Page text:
Passover Songs

EVERYONE KNOWS “DAYANU” AND MOST REMEMBER “CHAD GADYA” – “ELIYAHU HANAVI” IS ANOTHER STANDARD!!   BUT, WHAT ABOUT SOMETHING NEW??   TRY  SOME OF THESE SONGS AT YOUR SEDER – GOOD FOR YOUNG AND OLD!

There’s No Seder Like Our Seder

Tune: “There’s No Business Like Show Business”

There’s no seder like our seder There’s no seder I know. Everything about  is Halachic, Nothing that the Torah won’t allow. Listen how we read the whole Haggadah, It’s all in Hebrew ‘cause we know how. There’s no seder like our seder, We tell a tale that is swell: Moses took the people out into the heat They baked the matzah While on their feet Now isn’t that a story That just can’t be beat? Let’s go on with the show!

Tonight

Tune: “Tonight” from West Side Story

Tonight, tonight, We’ll tell a tale tonight Of Pharoah, Slaves and G-d’s awesome might. We’ll do it right, with matzah, and maror And four children: dull, wicked and bright! Tonight we’ll tell our people’s story

The genut and then the glory And how it came out right. And when we’re through You’ll know you’ve been freed too On this Saaaaay-der night! Tonight, tonight, we’ll drink four cups of wine We’ll laugh and sing and dine ‘till it’s light; The tale’s not new  And yet it still rings true It gives meaning to being a Jew! Egyptian masters they did beat us

But Moses he did lead us From darkness to light. And soon we’ll know

Why G-d did make it so On this Saaaay – der night!

Take Me Out to the Seder

Tune: “Take Me Out to the Ballgame”

Take me out to the Seder Take me out with the crowd Feed me some matzoh and chicken legs I don’t go for the hard-boiled eggs And its root, root, root for Elijah! That he will soon reappear! And let’s hope, hope, hope that we’ll meet Once again, next year! Take me out to the Seder Take me out with the crowd Read the Haggadah And don’t skip a word Please hold your talking

We want to be heard.And let’s root, root, root for the leaderThat he will finish his spiel!So we can nosh, nosh, nosh and by-gosh Let’s eat the meal!!!!

Take Us Out of Egypt

Tune: “Take Me Out to the Ballgame”

Take us out of Egypt Free us from slavery Bake us some matzah in a haste Don’t worry ‘bout flavor, Give no thought to taste. Oh, it’s rush, rush, rush, to the Red Sea If we don’t cross it’s a shame For it’s ten plagues Down and you’re out At the Pesach history game!

Tune: “Yankee Doodle”

Manischewitz goes down smooth, its wonders are no fable About the time “Dayenu” comes, we’re underneath the table. Chorus:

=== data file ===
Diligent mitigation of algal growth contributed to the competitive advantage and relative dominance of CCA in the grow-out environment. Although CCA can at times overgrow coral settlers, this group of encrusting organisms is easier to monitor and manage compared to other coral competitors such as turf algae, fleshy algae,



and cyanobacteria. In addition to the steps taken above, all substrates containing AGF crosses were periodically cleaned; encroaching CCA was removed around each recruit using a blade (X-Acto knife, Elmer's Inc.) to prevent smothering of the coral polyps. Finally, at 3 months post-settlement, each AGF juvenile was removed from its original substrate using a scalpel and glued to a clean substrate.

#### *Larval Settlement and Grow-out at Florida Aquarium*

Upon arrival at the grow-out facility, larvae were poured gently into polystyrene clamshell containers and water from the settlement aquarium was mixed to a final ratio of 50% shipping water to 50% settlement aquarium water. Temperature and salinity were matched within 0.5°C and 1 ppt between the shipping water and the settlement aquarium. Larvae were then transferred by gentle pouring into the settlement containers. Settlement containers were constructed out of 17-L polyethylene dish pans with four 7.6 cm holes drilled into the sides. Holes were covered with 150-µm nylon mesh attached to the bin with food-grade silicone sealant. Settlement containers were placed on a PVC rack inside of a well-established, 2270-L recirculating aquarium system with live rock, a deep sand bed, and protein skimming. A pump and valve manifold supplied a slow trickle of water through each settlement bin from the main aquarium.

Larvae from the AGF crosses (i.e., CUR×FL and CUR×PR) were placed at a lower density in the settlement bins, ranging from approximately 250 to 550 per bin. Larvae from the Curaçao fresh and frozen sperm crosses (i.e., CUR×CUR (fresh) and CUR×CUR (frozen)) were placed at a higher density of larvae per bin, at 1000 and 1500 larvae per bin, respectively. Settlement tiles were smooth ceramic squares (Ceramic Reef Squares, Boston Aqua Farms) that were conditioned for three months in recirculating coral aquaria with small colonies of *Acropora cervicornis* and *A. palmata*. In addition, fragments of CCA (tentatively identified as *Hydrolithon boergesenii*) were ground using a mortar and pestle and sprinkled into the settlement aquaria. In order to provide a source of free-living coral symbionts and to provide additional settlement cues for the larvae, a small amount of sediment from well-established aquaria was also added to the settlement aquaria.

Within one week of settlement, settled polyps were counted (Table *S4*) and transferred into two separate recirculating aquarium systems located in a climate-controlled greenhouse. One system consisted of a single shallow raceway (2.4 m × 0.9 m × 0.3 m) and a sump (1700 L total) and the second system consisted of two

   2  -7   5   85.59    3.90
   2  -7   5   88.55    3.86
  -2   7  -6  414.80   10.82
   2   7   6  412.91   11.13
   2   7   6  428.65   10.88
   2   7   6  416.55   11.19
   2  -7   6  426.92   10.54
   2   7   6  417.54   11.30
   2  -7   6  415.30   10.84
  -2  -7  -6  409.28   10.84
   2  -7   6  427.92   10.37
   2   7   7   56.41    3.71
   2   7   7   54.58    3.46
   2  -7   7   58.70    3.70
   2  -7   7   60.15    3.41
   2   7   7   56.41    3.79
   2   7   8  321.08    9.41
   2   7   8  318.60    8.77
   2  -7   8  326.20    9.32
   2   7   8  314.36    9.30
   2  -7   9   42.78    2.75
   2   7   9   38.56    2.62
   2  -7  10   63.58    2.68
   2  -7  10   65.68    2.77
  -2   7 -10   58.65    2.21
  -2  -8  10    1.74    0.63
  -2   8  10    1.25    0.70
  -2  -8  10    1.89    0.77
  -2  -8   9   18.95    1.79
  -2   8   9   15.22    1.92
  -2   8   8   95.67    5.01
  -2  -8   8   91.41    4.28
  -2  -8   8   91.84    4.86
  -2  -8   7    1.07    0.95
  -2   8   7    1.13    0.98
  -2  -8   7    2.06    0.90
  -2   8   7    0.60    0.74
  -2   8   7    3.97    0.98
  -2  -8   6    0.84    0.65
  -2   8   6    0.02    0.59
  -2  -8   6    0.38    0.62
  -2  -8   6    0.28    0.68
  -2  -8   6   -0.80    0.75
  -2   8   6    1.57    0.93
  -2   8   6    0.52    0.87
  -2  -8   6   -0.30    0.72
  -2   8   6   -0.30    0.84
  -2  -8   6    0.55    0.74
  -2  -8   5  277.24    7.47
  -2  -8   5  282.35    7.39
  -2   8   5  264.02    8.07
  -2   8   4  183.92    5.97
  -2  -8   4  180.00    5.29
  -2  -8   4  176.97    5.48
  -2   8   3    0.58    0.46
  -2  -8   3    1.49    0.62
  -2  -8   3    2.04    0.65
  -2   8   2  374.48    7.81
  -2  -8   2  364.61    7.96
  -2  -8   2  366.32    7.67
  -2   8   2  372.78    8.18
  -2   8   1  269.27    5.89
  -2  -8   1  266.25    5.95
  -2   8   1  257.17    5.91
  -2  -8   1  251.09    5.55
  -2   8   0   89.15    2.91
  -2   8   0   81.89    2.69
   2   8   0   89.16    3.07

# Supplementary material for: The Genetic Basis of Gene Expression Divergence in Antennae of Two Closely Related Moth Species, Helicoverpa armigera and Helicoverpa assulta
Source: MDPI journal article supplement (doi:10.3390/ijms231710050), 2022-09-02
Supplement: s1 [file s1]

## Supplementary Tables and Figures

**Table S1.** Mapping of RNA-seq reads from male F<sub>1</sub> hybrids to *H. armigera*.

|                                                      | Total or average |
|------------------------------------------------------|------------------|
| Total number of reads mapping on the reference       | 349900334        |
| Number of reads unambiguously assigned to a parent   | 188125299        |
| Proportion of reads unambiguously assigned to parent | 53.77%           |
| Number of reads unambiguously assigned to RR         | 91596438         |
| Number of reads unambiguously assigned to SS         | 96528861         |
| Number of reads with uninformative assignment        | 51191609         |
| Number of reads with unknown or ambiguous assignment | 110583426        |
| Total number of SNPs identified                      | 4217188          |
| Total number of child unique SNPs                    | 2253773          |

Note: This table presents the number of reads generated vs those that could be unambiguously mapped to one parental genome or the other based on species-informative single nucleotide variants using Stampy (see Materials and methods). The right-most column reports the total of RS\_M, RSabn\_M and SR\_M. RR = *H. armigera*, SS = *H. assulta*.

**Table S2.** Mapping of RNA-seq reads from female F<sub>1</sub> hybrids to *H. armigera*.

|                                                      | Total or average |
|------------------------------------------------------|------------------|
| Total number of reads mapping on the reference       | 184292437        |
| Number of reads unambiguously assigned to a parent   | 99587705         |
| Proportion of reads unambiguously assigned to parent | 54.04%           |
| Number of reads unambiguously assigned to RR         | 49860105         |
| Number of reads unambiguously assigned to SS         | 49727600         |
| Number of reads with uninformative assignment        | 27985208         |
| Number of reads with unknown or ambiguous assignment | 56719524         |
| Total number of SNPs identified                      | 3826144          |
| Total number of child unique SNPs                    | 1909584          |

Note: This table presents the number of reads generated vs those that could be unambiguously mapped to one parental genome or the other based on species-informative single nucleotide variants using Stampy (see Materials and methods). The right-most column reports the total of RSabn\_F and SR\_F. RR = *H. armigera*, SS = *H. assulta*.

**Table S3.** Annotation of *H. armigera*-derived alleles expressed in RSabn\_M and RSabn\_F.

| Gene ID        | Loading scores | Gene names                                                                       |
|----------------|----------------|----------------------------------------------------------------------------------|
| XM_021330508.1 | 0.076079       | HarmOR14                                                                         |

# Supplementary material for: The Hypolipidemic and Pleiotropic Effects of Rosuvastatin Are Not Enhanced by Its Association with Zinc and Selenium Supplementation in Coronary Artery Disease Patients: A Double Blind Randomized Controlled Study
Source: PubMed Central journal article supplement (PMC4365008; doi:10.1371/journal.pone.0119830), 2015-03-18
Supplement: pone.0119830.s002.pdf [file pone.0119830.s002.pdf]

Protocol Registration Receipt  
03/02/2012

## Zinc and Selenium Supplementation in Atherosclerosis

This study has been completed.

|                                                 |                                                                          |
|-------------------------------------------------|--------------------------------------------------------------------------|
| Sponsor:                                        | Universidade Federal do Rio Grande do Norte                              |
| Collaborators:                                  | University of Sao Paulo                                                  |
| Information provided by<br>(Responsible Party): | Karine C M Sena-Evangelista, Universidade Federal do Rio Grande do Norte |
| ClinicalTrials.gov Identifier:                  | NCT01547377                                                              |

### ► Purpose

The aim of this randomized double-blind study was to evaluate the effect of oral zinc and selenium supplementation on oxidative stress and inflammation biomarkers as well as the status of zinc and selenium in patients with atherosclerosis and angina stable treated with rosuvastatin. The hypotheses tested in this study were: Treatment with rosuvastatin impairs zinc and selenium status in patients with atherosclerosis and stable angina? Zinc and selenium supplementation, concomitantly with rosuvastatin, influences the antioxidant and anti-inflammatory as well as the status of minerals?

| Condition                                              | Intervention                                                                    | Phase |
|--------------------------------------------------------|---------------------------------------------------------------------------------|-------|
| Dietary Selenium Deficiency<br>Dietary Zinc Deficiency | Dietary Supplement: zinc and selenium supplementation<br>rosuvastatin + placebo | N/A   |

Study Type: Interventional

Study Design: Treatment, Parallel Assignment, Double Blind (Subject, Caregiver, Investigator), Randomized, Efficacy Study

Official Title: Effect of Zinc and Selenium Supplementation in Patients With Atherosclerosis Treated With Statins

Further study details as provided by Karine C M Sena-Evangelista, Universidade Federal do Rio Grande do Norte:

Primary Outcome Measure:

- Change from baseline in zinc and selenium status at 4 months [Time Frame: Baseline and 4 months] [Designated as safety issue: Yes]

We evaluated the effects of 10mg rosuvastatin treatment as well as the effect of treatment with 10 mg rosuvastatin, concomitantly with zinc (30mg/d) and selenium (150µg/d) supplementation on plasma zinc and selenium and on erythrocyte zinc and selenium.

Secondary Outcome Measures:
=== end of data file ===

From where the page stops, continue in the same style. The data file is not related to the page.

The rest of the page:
French and Napa wines can’t beat “Manny’s” fruity flavor

Who cares if its 20-proof? It’s just the taste we savor! Matzoh balls can sure slow down the alcohol’s progression, But nothing beats the sweet, rich taste from sugared grape ingestion. ChorusLast year Aunt May asked for port, we found a bit we gave herBut this year it’s Concord Grape – it’s just the taste we savor!Bubbe’s kugel is so great, it sures the worst hangover But we can’t have it with our wine – no chametz on Passover!Chorus:Sometimes we’ll serve chardonnay or vodka as a favor But Extra Heavy Malagaa tonight is what we savor!

ShavuotShavuot means ‘weeks’ and is celebrated seven weeks after Passover. It combines celebration of the grain harvest of the early summer and the giving of the Torah on Mount Sinai seven weeks after the exodus from Egypt.
The giving of Torah on Sinai is the seminal event of Jewish religious memory, establishing the covenant between God and Israel.  All night study on Shavuot is a kabbalistic (mystical) custom that is relatively new to Jewish tradition. It is increasingly popular among modern Jews and is meant to help us rededicate ourselves to studying Torah. Kabbalists taught that at midnight on Shavuot the skies open for a brief moment and God favorably hears all prayers.
Dairy items are the food of choice for Shavuot. Many families enjoy blintzes and other dairy foods at dinner.  This is a custom is tied to a description of Israel in as the
“land flowing with milk and honey” in Exodus 3:8. Cheesecake is a widely popular Shavuot item in the United States and is often served for dessert and during late night study sessions. In keeping with tradition the J has decided to host a Shavuot Cheesecake Recipe Contest!  Starting May 8th go to this link and post your favorite recipe. Join US.